Stories for all Ages all include a visual graphic. Sermons do not have a visual graphic in their post.
To take these narratives of fear or distain and instead re-shape these single stories into complex stories of faith, culture, abuse, and love. To connect with our own faith of Unitarian Universalism and see the inherent worth in each and every person. To connect with our Universalist roots, a people of faith who understood each person to be loved by God and saved to heaven. Let us connect to the Unitarians whose faith called them to see the intrinsic goodness in each person. To see the complexity of a life-giving narrative, instead of the simple, easily digestible, single-stories we are each surrounded with.
Both of these religious beliefs and our own understandings of Unitarian Universalist values imply an inherent interconnectedness of nature and all life. Ursula Goodenough writes that this connectedness is in a sense a religion in itself – the sacredness of this web. That we are not connected merely by the food chain or by the balance of our ecosystems but also of a common ancestor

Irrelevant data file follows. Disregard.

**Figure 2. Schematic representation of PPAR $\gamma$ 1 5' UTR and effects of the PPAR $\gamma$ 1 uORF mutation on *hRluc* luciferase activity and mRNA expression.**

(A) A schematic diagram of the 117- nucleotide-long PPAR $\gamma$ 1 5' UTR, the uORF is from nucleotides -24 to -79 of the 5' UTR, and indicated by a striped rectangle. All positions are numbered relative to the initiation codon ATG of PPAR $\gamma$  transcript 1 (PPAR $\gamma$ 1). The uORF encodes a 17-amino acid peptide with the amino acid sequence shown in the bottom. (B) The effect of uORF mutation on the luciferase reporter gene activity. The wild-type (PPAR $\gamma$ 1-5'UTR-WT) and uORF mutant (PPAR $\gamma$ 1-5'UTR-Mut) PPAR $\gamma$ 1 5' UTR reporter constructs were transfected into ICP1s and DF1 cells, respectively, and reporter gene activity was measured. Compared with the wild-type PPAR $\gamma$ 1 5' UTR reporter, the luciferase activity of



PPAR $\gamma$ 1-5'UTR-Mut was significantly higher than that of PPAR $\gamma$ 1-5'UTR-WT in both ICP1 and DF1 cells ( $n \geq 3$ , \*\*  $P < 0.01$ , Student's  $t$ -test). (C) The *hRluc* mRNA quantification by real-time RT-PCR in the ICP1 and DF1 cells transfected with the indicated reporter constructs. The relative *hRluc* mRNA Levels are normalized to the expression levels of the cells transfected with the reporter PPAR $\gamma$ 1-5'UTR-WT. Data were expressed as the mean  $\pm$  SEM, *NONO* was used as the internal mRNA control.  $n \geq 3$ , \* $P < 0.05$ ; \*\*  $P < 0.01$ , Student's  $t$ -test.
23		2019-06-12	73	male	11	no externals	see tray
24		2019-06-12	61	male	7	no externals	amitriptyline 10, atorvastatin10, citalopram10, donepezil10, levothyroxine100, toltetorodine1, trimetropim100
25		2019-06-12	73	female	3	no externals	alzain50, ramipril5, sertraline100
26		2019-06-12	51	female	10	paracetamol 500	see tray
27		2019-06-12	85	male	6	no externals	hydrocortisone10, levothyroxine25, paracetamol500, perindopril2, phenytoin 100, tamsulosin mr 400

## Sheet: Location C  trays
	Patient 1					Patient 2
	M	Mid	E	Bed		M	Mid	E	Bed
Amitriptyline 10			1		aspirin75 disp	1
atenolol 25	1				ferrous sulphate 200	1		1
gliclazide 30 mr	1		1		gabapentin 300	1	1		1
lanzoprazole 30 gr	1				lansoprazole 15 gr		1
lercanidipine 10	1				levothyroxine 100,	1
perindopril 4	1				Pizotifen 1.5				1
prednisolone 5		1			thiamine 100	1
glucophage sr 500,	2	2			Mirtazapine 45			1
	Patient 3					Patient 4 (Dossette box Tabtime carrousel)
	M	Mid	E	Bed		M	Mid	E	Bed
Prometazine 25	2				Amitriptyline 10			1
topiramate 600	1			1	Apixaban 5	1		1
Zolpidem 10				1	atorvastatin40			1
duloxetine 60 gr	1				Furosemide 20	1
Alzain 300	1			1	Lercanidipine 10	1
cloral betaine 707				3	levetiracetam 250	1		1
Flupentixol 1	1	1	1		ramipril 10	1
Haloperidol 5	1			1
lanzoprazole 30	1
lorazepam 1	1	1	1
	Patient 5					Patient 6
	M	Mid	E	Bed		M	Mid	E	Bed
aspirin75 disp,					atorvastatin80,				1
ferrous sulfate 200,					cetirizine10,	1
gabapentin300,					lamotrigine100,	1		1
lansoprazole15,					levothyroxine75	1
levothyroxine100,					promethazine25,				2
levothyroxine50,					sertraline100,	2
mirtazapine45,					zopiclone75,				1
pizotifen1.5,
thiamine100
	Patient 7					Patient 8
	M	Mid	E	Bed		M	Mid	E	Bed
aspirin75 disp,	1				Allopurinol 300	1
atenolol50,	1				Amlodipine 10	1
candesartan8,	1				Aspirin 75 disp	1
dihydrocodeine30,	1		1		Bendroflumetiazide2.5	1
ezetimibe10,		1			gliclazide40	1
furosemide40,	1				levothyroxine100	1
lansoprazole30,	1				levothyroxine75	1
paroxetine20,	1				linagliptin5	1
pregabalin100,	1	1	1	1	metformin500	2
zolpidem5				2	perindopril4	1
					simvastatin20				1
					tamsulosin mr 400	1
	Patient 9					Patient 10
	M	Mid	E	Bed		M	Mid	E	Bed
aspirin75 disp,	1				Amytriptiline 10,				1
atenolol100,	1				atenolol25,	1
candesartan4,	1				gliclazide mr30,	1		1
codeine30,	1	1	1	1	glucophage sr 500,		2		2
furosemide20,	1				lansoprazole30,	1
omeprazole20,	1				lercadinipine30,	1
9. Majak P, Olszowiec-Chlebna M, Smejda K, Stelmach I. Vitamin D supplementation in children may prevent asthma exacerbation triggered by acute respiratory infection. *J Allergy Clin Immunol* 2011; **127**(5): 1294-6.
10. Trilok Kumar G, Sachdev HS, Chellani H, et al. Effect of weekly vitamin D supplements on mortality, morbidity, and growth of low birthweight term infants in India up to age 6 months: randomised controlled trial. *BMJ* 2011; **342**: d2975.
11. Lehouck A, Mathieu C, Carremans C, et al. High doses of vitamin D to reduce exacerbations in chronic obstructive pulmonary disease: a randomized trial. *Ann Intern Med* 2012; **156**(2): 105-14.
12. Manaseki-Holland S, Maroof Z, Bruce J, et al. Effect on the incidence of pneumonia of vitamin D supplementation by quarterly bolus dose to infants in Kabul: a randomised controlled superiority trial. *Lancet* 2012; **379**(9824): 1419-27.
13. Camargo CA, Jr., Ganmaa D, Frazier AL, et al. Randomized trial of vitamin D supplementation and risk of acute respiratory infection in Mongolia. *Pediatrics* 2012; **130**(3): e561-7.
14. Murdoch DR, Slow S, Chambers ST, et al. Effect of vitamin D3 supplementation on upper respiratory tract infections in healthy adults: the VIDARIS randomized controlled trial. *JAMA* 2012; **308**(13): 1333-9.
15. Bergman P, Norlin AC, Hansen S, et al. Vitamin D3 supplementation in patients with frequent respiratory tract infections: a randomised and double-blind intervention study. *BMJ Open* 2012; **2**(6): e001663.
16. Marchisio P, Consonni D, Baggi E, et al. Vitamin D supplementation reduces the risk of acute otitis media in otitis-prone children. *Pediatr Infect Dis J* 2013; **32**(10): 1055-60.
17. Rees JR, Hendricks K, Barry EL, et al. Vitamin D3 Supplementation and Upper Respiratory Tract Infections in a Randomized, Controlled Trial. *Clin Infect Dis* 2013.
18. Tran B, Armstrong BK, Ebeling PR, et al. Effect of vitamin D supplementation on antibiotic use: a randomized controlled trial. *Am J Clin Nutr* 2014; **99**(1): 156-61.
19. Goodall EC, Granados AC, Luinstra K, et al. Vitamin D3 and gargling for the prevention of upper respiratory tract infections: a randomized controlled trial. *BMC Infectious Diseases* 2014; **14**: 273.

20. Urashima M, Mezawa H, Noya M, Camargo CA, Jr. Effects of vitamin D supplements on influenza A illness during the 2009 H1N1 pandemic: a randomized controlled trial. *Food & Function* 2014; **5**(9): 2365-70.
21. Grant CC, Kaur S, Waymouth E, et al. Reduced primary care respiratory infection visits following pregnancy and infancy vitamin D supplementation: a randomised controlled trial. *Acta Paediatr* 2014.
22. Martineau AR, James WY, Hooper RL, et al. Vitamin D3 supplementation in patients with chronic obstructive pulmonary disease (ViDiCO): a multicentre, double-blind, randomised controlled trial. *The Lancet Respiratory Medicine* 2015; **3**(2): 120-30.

This Sunday we explore the Islamic holy month of Ramadan. What meaning does it hold for our Muslim neighbors? What are the spiritual gifts of this sacred time? And what meaning can it hold for us as Unitarian Universalists?
In the Christian story, this man who embodied faith and love had such an enormous capacity for hope that not even through torture, not even through death, could this be deterred. Even after death hope was resurrected – transcending life, transcending this mortal world. As he rose from the dead and ascended to heaven so too was hope reborn, so too did promise rise.
They were a suffering people, and they were a determined people. They were a people in bondage, and they were a people of faith. The Israelites lived a life of enslavement to the Egyptians, and yet what we celebrate today is their journey towards freedom. We celebrate their commitment to that which was much bigger than their individual selves – their God and their community and their faith. Their commitment to a better life. We celebrate their exodus – the flight of the Hebrew slaves, a people who freed themselves from bondage and created a nation.